Apparently most reporters have been too busy playing telephone and stoking the rumor mill to bother checking out who might fit into the $4.9 million disabled exemption the Cavaliers got after Varejao’s season-ending injury. The exemption has a number of complications to its usage, but given the Cavs’ depth needs, they can’t afford not to use it.
The deal’s this: It can not be combined with another player or exception (such as their $5.3 million trade exception from the Keith Bogans deal) to take back a player with a larger salary than the exemption. The player must also be in the last year of his contract – a true replacement for the injured player and nothing more.
There aren’t many players like that on teams that aren’t competing for a playoff spot. Now, it’s possible that the exemption could be part of a larger deal with other pieces, but the Cavs don’t really want to trade anyone. The most they’d like to offer is some draft picks. They are sort of short on that account, but do have a first round pick from the Memphis Grizzlies with some interesting protections that make it more valuable.
They could send the Grizzlies #1 to a team for players that fit into both the trade and disabled player exemptions, or they could send it to one team and get some seconds back which they then send to, say the team filling the disabled slot.
That’s more likely since a player on a one-year contract isn’t nearly as valuable as a guy signed for next year. Boston, for example, has stockpiled numerous seconds which they could send to the Cavs in a deal for big man Brendan Wright. (Sadly Wright’s one-year $5M contract is just a smidge too big to fit in the disabled slot.)
We gathered some names. It’s not a great array of players, but when you consider you’d probably be getting them for a second round pick, it’s a bit more palatable.
PF Darrell Arthur, 6’9”, 235, 26, Denver, $3.4M.
Shooting 3 threes a game (29%), and a steal in just 18 minutes/gm. Strong FT shooter (80%). Solid fundamental player with range in 6th year out of Kansas. The player he defends has a 1.2% lower FG% from within 6 ft, and 2.8% lower from beyond 15, showing his ability to play the perimeter.
PF Jonas Jerebko, 6’10” 231, 27, Detroit, $4.5M.
38% 3pt shooter, 47% FG and 89% FT shooter in his fifth year out of Sweden. More of a stretch 4, he add 3% to opponents’ FG%. He’s a decent rebounder, but his defensive stats (.5 stl, /3 blk) leave a lot to be desired.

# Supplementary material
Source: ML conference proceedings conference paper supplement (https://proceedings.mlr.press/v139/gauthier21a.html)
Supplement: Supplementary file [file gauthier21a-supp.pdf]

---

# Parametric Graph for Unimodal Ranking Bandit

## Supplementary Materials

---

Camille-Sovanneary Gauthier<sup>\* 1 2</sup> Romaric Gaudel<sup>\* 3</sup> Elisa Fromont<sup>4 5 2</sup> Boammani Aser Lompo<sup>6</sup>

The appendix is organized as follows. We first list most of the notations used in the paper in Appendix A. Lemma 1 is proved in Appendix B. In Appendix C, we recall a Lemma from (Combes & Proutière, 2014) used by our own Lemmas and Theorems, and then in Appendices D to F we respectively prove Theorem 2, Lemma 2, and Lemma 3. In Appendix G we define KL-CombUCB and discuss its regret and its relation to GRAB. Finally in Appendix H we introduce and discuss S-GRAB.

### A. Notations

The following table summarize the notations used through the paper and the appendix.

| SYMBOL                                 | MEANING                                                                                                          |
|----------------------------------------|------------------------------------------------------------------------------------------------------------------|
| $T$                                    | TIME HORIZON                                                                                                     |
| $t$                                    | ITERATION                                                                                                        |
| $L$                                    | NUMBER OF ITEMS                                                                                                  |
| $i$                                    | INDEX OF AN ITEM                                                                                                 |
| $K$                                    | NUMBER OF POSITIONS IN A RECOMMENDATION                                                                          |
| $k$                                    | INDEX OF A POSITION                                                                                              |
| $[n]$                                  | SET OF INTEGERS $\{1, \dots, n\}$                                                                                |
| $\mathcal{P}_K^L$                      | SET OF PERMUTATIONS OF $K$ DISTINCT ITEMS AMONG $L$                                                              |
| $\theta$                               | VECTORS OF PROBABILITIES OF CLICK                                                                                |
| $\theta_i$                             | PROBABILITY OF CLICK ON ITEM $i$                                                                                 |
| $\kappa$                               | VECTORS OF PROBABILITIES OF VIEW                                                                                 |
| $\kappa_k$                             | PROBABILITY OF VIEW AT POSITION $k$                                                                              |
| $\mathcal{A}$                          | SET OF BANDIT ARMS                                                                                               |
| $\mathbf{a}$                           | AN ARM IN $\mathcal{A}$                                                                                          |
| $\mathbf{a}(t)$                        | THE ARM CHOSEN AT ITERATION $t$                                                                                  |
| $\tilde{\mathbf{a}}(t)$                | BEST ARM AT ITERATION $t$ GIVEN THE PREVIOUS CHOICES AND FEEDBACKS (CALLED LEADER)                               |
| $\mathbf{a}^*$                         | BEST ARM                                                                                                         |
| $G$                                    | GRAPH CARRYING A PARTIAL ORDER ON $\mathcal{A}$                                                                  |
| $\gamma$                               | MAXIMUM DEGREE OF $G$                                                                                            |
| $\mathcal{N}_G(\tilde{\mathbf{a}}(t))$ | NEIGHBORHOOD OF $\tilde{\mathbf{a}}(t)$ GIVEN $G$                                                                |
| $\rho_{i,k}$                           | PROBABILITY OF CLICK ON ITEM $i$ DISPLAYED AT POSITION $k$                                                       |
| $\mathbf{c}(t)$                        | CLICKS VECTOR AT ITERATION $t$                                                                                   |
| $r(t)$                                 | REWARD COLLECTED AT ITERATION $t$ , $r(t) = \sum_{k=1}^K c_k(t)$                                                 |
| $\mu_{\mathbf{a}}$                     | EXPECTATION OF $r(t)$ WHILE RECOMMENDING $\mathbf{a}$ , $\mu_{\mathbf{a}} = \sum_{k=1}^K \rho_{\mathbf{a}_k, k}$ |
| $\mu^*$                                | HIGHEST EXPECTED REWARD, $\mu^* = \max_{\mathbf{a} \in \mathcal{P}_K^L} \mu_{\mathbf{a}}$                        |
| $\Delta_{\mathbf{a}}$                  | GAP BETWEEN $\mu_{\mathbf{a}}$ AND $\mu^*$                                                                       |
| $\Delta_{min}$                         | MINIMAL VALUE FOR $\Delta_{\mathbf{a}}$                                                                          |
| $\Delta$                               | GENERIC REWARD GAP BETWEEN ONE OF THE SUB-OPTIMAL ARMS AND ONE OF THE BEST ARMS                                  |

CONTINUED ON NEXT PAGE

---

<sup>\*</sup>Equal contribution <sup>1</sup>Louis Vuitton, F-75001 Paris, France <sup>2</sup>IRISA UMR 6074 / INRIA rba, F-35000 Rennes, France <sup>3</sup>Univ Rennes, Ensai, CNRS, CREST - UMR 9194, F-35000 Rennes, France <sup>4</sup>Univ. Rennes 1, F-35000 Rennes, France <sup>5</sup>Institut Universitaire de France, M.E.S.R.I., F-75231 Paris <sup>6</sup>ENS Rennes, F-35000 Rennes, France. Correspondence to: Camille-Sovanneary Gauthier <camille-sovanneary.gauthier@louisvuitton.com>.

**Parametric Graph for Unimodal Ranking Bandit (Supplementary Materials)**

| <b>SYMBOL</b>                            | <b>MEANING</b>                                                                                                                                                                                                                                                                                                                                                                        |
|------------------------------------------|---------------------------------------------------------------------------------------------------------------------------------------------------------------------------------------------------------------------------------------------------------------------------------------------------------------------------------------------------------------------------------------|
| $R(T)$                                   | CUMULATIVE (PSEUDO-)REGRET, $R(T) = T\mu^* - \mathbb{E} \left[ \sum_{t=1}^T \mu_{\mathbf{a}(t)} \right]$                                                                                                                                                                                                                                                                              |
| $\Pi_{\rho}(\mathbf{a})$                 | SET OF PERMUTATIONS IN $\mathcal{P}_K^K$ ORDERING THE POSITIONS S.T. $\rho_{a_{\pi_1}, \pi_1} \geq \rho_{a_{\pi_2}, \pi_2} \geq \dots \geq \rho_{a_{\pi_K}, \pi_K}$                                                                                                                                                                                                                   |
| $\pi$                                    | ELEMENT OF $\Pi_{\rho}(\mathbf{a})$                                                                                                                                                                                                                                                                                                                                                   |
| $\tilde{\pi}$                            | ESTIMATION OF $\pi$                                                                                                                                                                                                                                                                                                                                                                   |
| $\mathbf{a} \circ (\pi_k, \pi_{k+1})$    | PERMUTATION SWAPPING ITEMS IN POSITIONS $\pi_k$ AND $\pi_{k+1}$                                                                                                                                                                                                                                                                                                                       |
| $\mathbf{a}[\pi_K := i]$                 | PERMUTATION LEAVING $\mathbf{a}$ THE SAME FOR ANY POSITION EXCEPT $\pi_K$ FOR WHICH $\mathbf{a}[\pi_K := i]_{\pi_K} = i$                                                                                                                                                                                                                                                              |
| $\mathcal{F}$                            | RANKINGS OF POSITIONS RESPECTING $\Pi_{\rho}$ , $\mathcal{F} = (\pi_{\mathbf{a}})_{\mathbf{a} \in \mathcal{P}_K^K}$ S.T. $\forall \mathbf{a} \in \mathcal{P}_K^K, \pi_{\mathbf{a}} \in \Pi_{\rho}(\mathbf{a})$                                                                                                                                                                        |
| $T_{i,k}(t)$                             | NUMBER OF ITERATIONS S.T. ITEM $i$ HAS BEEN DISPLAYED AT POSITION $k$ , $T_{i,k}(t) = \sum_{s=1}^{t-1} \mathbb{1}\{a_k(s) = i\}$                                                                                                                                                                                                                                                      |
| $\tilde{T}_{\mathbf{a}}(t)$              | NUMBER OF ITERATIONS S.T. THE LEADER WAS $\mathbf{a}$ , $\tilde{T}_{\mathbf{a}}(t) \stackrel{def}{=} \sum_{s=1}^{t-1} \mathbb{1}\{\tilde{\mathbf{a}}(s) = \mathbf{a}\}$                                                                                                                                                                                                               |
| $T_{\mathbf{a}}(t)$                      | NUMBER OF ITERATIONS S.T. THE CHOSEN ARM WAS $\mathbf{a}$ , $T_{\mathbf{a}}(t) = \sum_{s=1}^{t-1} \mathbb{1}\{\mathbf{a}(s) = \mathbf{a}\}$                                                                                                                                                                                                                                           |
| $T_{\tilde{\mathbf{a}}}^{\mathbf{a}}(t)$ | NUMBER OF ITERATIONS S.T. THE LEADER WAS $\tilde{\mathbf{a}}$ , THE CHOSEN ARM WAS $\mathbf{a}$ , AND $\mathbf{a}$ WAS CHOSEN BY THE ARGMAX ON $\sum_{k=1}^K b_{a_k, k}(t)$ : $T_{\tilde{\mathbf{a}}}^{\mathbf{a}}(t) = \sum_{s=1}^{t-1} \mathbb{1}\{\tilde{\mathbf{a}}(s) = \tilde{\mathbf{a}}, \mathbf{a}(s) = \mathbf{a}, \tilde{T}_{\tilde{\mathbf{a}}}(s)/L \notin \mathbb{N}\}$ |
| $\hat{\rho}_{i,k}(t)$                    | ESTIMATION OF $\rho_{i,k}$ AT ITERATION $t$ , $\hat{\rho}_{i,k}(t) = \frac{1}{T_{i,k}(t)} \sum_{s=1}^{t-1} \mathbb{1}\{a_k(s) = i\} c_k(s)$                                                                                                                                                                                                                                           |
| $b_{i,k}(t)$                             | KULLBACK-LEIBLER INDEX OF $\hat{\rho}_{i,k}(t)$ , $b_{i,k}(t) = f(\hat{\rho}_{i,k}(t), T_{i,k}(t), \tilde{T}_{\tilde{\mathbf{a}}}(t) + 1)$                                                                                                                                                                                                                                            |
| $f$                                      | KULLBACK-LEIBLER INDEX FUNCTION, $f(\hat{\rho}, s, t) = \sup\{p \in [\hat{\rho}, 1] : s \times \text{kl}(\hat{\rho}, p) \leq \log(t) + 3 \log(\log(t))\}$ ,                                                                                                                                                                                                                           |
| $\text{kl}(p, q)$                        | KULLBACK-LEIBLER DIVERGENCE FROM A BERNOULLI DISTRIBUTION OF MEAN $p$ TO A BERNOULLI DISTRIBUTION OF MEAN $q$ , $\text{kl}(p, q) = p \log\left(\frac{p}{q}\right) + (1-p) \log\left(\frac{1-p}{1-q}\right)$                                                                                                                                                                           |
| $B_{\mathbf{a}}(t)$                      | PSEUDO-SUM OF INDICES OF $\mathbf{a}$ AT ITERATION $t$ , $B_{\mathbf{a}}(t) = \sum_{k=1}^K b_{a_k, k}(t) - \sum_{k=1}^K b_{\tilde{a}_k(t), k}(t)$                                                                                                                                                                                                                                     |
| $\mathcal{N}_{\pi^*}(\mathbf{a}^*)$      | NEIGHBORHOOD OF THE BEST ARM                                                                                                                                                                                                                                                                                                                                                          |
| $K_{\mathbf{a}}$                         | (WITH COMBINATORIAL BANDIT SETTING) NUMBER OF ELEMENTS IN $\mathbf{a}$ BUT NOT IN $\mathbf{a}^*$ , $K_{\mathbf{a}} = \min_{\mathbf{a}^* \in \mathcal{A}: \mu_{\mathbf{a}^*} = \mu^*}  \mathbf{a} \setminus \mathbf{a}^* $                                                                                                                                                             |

SF/PF Luc Mbah a Moute, 6’8” 230, 28, Philadelphia, $4.3M.
Shooting 2.6 threes/gm (27%) on a bad team, career 45% shooter, quick, long-armed defender and strong rebounder. Average 1.4 steals .3 blocks and 5.1 boards (1.4 offensive) in 28 minutes/gm.
C Sam Dalembert, 6’11”, 255, 33, New York, $4M.
He’s like a (3 years) younger Brendan Haywood. Career 52% shooter (44% this year), 70% FT, who has 1.3 blocks, .4 steals and 5.3 rebounds in 17 minutes/game. Not much offensive ability which can bog down that side, but fine shot-blocker with some size.
Bismack Biyombo, 6’9”, 245, 22, Charlotte, $3.9M.
A former 7th pick overall who’s in his 4th season with the Hornets out of Zaire, he’s as unpolished as they come offensively, making Dalembert look like Kareen Abdul-Jabbar. Starting with Jefferson down, so might not trade him, though their season looks lost. Gets 1.3 blocks, 5.3 rebounds (2.1 offensive) in just 14.4 minutes, but 48% FT shooter.
Mo Williams, 6’1, 198, 32, Minnesota $3.75M.
Williams doesn’t make much sense on face, but if you trade Dion, Williams could fill his role nicely. He’s a fine playmaker and scorer in spurts, reminiscent of Jason Terry in his hey day, and would bring more veteran leadership, plus he’s a former Cav. Having off-season shooting with 39% FG and 32% 3pt (career: 44%/38%), but 6.5 assist/2.3 turnovers, and .7 steals in 26 minutes
My gut tells me that they’re looking to put someone like Denver’s Timofey Mozgov (cheap 2-year contract, which is why Denver’s hesitant), Boston’s Wright or Phoenix’s Miles Plumlee (2 years left on rookie contract, clogged frontcourt) into the trade exception, meaning they might try to target a wing defender with the disabled exception. But it would be a lot easy to do the reverse (if you can live with Dalembert or Biyombo).
Wright, Mozgov, and Plumlee have more upside than the aforementioned half-dozen (and they’ll need size next year too). Also, Williams would be a nice steadying hand with the ball on offense compared to Waiters’ freewheeling ways. (My gut also tells me they’ll try to hold on to Waiters until the off-season when they might expect to get more flexibility and greater value.)
But who knows? That’s part of the fun. And it sure beats speculating on whether a guy is getting fired less than halfway through the season, or malingering in fear that LeBron’s going to leave.
I’ll be live tweeting tonight with video from the game @CRS_1ne
, and look for my column on the game tomorrow on the Scene blog.